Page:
In this NPRM, the FMCSA is proposing to make the FMCSRs applicable to all motor carriers operating CMVs, designed or used to transport between 9 and 15 passengers (including the driver), in interstate commerce for “direct compensation” when the transportation covers a distance greater than 75 air miles (86.3 statute miles or 138.9 kilometers). This preliminary decision is based on: (1) The FMCSA's understanding of the Congress' and the commercial passenger carrier industry's usage of the term “camioneta,” (2) the agency's analysis of comments submitted in response to the FHWA's August 5, 1998 (63 FR 41766) advance notice of proposed rulemaking concerning the definition of CMV, (3) the agency's analysis of comments submitted in response to the September 3, 1999, interim final rule and notice of proposed rulemaking, and (4) an analysis of accident data concerning large vans. The agency believes that this approach would be more effective than other alternatives for responding to congressional and public safety concerns about what is commonly referred to as “long-haul” for-hire van operations throughout the United States, including vans operated for compensation by foreign-based motor carriers into and out of the United States.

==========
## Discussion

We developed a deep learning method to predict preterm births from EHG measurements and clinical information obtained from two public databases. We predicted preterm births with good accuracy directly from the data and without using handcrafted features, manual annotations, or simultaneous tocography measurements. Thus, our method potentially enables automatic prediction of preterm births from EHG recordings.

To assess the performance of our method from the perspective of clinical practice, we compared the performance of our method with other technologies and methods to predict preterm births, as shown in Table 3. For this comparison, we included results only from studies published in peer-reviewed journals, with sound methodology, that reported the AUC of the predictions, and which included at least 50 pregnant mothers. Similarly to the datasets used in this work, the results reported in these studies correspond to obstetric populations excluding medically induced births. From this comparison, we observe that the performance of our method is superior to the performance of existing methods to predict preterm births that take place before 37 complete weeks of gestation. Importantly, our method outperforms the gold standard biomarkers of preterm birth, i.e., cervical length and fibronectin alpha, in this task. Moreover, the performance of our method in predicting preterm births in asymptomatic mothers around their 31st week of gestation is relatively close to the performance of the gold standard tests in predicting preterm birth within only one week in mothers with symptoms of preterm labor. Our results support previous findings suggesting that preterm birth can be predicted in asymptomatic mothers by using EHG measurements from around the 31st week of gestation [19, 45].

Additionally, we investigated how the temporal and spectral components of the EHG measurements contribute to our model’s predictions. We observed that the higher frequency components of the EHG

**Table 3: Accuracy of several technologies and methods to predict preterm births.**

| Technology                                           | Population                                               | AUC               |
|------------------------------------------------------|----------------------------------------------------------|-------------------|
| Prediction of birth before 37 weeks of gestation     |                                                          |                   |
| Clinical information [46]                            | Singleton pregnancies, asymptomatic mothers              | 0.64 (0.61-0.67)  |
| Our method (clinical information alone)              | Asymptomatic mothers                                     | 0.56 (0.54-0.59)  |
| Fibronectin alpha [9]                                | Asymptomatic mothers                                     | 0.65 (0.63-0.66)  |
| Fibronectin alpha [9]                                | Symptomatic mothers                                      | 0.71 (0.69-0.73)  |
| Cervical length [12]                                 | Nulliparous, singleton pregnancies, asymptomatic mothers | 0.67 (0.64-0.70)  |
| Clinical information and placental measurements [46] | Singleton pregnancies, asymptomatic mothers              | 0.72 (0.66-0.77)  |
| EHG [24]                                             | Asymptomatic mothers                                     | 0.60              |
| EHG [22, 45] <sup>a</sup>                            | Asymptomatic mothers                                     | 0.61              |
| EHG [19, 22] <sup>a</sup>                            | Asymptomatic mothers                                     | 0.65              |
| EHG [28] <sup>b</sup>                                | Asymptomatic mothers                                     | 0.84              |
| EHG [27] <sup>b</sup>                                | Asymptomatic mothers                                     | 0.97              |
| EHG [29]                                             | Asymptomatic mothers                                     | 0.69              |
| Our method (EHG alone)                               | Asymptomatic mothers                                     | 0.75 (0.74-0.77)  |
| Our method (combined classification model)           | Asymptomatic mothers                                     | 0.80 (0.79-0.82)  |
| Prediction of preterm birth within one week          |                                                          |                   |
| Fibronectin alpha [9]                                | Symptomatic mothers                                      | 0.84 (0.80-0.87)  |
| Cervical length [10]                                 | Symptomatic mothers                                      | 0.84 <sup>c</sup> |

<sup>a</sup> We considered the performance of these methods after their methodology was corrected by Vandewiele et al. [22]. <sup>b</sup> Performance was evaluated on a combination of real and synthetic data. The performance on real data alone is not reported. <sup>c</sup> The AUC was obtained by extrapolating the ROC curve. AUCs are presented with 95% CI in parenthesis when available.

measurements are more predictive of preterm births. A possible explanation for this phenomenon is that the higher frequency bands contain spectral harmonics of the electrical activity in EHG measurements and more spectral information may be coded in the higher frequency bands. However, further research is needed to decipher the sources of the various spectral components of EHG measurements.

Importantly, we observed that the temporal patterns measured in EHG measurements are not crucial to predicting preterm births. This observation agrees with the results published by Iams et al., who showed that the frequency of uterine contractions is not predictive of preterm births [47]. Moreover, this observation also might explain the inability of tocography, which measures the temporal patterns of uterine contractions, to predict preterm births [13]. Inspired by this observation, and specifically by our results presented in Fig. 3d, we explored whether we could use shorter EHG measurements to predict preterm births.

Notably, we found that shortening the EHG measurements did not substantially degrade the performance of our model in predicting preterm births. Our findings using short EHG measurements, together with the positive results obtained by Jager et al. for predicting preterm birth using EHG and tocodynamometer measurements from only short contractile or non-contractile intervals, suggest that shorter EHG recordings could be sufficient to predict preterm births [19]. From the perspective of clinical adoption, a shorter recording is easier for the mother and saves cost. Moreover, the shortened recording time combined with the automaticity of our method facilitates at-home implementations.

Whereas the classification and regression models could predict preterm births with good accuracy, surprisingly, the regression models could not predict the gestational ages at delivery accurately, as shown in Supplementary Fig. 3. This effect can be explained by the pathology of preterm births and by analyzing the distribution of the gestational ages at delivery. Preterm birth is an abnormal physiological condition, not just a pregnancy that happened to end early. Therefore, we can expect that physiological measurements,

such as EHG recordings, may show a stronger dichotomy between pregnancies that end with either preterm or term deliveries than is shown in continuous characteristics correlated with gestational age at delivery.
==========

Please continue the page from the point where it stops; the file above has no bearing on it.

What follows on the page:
The FMCSA considered several alternatives or options to implement section 212 of the MCSIA. The other alternatives included making the safety-related operational FMCSRs applicable to: (1) All motor carriers operating small passenger-carrying CMVs in interstate commerce for compensation (direct and indirect); (2) all motor carriers operating small passenger-carrying CMVs in interstate commerce that are directly compensated, irrespective of the distance traveled; and (3) only those motor carriers operating small passenger-carrying CMVs across the U.S.-Mexico border for compensation. The FMCSA believes the proposed alternative would avoid making the FMCSRs applicable to interstate for-hire van operations that are local in nature and do not appear to pose the same level of safety risks to their customers and the traveling public.

Passenger-Carrying Operations Covered by this Rulemaking